Jessica Holland catches up with Thiel fellow Adam Munich to find out why the young inventor quit university to take a chance on a new type of learning
Adam Munich, 21, is a serial entrepreneur and polymath who is working to design, build and find a market for portable, battery-powered X-ray machines that can be used off-grid
or during a blackout.
He started exploring the field as a 15-year-old high-school student living in Buffalo, New York, inspired by a chat room conversation with acquaintances in Mexico and Pakistan. With money earned as a freelance web designer, he sourced parts from China and Ukraine and successfully put together an innovative prototype.
A few years later, as a freshman at Rochester Institute of Technology, he won the top prize in Texas Instruments’ Analog Design Contest for making improvements to a Tesla coil, and soon after that he co-founded a makerspace lab for fellow inventors.
These successes impressed the admissions panel at the Thiel Fellowship, an ultra-competitive initiative set up by PayPal co-founder Peter Thiel that provides a US$100,000 grant and mentoring support for extraordinary young minds to pursue world-changing ideas. On winning a place, Munich left RIT before graduation – a condition of the fellowship is that it can’t be pursued alongside college – and moved to San Mateo, California, to pursue his work in the field of mobile radiography.
Vision: How would you describe your relationship with formal education?
Adam Munich: I began playing with radio circuits before kindergarten, and oftentimes found class uninteresting. Naturally, this led to some boredom and troublemaking, although nothing more serious than scaring the administration with high-voltage transformers. I don’t think school ‘held me back’ because I had the internet to serve my curiosity, but I was reprimanded often for studying things such as Schwarzschild black holes instead of, say, English reading assignments.
V: How did you first find out about the Thiel Fellowship?
AM: While working in the hacker space, a friend suggested that I come to a summit in NYC for the Thiel Fellowship, so I joined them on the adventure. I had heard of this Fellowship prior to visiting the summit, but only after attending did I gain a good understanding of why I should consider applying for it – the fellows are truly a wonderful bunch. While they are young, and like me, make rookie mistakes, they are an extraordinarily motivated allotment of autodidacts unlike any other group of people I’ve ever met. After the summit, there was no doubt in my mind that these kids would be accomplishing great things in the future, and I hoped to also play a part.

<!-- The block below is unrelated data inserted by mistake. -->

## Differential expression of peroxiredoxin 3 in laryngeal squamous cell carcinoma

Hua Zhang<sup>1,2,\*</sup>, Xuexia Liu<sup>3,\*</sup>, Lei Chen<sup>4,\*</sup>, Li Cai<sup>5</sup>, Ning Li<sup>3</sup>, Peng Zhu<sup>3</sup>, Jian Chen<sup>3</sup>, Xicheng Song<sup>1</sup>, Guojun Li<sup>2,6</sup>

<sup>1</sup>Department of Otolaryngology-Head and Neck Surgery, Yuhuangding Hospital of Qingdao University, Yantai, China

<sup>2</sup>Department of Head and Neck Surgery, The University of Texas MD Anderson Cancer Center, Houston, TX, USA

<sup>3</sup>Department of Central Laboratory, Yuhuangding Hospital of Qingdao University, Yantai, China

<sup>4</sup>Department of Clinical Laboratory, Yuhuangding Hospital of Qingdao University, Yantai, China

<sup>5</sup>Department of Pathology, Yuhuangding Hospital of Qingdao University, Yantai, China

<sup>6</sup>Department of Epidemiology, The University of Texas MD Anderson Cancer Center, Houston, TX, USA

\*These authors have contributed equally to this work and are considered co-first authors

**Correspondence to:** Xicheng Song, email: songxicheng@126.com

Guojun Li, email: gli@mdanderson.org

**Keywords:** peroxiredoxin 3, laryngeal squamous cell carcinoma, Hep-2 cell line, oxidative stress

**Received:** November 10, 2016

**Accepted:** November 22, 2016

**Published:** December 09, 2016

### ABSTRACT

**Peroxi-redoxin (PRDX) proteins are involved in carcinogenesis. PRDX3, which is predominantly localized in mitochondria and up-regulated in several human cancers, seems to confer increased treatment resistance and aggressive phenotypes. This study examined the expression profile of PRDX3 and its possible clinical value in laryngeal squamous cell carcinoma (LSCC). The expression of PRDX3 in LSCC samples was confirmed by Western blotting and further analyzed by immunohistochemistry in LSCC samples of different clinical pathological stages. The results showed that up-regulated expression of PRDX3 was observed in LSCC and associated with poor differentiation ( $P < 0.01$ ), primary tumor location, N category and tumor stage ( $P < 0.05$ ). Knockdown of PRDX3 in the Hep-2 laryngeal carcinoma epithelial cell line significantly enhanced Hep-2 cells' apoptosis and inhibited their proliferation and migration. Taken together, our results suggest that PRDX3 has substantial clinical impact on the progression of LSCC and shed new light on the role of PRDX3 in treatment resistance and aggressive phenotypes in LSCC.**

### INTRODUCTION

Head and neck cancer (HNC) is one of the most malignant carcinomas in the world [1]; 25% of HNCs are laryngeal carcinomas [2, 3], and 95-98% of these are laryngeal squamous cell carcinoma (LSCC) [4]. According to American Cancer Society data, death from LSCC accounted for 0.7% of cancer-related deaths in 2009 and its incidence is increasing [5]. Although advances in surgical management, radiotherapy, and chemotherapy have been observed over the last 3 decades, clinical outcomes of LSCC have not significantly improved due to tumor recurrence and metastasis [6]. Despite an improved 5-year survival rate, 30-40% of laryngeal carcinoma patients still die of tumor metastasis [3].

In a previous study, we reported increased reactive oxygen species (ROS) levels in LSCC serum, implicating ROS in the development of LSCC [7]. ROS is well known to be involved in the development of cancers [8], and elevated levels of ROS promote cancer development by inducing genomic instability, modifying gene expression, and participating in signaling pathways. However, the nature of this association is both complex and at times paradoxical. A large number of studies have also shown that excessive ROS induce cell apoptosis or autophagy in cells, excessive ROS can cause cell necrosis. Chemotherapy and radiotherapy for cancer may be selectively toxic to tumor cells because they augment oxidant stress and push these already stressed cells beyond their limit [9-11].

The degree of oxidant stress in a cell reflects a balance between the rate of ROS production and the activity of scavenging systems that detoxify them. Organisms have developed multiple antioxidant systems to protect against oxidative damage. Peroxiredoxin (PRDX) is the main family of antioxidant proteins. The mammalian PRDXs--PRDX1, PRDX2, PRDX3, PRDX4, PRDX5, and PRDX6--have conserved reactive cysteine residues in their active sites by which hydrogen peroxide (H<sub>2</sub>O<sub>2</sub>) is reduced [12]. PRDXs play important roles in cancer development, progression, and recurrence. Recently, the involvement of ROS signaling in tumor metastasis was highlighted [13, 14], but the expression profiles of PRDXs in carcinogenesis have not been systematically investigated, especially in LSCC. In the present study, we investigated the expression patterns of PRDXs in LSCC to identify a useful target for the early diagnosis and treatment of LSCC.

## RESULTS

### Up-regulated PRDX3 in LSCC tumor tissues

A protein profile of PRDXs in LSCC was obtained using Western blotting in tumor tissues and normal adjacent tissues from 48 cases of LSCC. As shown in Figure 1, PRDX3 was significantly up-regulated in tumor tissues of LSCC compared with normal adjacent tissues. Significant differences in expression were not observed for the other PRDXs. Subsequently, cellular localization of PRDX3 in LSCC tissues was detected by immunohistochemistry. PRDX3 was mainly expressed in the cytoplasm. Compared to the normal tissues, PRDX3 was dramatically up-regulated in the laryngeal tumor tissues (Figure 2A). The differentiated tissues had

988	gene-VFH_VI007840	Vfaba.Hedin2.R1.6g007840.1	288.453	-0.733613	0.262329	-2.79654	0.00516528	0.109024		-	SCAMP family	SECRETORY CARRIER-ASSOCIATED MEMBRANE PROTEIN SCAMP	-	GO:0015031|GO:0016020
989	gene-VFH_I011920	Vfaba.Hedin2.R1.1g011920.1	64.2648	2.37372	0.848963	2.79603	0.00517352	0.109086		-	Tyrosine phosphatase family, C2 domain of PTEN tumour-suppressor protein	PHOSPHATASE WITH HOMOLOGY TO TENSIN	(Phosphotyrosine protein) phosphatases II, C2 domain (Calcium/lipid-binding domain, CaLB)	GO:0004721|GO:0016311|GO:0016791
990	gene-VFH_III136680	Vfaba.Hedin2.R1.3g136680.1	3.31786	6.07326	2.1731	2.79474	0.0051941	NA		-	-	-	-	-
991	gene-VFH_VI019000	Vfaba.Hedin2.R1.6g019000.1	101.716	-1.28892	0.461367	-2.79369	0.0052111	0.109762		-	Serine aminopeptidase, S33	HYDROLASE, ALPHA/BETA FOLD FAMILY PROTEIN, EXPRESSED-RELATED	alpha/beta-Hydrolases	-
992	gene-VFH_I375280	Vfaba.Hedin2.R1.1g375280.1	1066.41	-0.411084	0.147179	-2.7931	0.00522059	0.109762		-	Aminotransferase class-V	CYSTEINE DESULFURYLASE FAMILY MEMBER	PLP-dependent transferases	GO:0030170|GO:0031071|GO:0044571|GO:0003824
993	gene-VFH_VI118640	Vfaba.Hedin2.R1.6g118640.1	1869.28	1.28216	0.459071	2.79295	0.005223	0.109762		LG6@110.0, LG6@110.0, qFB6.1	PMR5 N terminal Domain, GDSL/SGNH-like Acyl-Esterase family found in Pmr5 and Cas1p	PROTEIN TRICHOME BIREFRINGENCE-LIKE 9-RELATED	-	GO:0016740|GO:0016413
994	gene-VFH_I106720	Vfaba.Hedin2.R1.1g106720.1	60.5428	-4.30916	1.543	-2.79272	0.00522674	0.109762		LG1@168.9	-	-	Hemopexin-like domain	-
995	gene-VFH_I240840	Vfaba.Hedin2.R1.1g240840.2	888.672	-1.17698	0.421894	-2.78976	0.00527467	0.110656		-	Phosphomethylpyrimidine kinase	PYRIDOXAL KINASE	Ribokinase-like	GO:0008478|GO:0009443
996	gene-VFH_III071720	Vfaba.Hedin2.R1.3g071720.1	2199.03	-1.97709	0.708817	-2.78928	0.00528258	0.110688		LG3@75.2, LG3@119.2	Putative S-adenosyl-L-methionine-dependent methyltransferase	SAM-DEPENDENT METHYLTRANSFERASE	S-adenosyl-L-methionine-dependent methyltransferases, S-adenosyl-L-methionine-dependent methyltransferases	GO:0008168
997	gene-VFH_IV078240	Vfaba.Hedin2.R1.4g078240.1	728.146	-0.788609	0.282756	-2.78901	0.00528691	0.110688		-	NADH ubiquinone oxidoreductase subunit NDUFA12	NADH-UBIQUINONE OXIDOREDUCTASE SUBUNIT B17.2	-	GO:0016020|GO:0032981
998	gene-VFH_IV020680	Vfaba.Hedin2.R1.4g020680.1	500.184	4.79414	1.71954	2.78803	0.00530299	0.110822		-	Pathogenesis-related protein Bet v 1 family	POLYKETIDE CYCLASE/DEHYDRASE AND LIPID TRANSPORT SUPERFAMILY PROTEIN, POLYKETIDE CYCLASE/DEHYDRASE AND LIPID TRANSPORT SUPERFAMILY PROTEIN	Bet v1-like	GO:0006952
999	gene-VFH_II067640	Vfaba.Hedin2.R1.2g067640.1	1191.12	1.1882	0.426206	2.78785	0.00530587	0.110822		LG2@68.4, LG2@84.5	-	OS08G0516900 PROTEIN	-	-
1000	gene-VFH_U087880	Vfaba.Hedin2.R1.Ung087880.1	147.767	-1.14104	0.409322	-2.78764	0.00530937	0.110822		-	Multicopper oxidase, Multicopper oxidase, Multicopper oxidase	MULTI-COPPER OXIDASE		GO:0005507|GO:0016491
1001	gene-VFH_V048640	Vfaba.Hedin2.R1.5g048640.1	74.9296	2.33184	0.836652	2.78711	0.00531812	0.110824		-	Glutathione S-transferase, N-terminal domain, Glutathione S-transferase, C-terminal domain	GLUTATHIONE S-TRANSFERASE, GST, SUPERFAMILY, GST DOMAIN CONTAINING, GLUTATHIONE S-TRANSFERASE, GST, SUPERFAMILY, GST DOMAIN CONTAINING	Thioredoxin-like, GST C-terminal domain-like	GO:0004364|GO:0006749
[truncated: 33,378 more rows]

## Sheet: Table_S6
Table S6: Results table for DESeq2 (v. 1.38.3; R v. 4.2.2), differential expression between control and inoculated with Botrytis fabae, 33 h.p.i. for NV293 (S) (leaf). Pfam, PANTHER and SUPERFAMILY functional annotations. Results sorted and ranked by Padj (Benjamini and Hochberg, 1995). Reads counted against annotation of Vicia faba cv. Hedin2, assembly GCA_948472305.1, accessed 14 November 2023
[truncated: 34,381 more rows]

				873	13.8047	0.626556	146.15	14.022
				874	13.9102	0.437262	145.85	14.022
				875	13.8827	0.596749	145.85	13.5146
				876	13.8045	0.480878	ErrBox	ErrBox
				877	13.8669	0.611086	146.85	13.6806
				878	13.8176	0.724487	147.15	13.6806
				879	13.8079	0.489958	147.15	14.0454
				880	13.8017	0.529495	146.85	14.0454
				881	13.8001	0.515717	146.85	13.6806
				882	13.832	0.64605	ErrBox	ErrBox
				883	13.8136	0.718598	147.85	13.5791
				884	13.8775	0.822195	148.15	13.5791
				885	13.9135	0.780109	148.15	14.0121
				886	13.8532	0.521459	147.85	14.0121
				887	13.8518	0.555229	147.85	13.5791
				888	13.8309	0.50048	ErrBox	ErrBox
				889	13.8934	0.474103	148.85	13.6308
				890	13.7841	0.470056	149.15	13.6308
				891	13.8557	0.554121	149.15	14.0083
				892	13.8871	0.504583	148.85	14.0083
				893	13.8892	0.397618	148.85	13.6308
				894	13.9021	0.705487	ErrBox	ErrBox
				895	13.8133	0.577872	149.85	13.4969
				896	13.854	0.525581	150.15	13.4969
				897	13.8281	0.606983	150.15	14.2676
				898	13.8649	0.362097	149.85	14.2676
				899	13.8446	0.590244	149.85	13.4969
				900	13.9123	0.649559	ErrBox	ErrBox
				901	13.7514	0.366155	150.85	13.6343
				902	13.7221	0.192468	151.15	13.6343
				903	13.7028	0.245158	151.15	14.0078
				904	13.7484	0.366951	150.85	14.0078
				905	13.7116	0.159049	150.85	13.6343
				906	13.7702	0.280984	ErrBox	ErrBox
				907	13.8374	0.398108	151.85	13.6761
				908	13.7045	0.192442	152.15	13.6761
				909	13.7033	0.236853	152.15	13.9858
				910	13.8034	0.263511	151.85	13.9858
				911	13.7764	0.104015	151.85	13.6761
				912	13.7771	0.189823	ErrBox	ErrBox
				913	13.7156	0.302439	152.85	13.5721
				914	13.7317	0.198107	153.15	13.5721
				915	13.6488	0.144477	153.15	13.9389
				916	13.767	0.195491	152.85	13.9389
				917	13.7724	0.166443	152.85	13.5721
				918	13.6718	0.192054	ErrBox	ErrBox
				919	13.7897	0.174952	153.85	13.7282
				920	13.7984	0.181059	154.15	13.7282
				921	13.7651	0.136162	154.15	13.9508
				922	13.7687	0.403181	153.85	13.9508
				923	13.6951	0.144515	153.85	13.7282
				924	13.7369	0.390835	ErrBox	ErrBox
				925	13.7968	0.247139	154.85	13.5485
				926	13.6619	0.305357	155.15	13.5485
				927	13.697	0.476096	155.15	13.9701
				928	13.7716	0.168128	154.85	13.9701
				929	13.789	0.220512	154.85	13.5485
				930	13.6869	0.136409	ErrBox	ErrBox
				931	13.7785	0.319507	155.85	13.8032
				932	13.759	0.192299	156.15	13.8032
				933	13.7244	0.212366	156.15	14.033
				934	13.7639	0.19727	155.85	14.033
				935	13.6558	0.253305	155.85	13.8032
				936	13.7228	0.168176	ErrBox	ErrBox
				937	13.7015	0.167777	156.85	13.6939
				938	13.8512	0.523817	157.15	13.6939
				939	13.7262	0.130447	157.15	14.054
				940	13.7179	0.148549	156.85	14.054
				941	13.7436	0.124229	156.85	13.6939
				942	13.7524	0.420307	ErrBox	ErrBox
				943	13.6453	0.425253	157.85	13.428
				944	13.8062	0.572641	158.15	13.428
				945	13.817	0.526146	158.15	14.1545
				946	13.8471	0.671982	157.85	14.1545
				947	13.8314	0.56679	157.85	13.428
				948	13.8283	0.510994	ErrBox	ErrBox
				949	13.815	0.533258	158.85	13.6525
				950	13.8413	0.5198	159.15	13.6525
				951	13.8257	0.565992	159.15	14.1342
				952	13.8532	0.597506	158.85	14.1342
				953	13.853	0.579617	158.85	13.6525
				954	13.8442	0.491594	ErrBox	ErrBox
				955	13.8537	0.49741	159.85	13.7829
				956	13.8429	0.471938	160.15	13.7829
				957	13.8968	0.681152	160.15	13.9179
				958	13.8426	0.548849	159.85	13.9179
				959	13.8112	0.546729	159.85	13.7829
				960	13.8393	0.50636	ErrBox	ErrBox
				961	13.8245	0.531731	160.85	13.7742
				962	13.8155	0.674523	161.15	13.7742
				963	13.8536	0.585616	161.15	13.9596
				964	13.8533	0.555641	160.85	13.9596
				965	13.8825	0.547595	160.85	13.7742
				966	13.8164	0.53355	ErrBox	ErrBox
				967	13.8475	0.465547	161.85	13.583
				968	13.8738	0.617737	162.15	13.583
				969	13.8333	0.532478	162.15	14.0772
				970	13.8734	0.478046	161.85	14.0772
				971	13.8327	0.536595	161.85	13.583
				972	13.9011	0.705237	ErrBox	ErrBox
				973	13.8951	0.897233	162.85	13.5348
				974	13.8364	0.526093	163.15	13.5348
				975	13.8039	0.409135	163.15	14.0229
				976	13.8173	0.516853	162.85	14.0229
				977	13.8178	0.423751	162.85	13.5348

V: Tell us about the project you are working on
AM: I set out to build low-cost, battery-powered X-ray machines for use during remote radiography. I succeeded at doing this, but learned from my customers that this problem isn’t one that can be easily solved with only better tools, because it’s equally an education issue. Currently, I am redesigning some of the things I’ve built to be more user-friendly, and I hope to relaunch our low-cost X-ray hardware in a simpler, more intuitive form, along with a few other neat inventions I stumbled upon along the way.
V: What are some of the thrills and challenges of being a Thiel fellow?
AM: The whole experience, in a way, has been terrifying. The Fellowship offers one essential thing crucial to a leader’s success: absolute freedom. Freedom to try, freedom to fail, and freedom to clearly analyse those failures [so that] you’re better prepared to execute the next time around. However, this comes at a cost, and this cost is the freedom to compare yourself to other fellows’ highlight reels, and get yourself down if things aren’t working to plan.
It’s easy to forget that years of failure are a prerequisite to every overnight success, and that everything tends to be harder than it initially appears. Also, it has forced me into circles of people who do things, who understand the value of unique accomplishments, and who have the self-confidence
to effectively perform their work without requiring continued external validation.
V: Do you think that college degrees are going to become less valuable in the future?
AM: I would say that the merit of a degree will [steadily] decline as younger folk continue to see it as a poor investment, and older folk holding the contrary belief continue to retire from the workforce. This is not necessarily a bad thing, because it means that individuals must build more faith in themselves and their skills to compensate for a lack of that social cushion, and that universities must learn to find other sources of revenue and use what resources they currently have much more efficiently.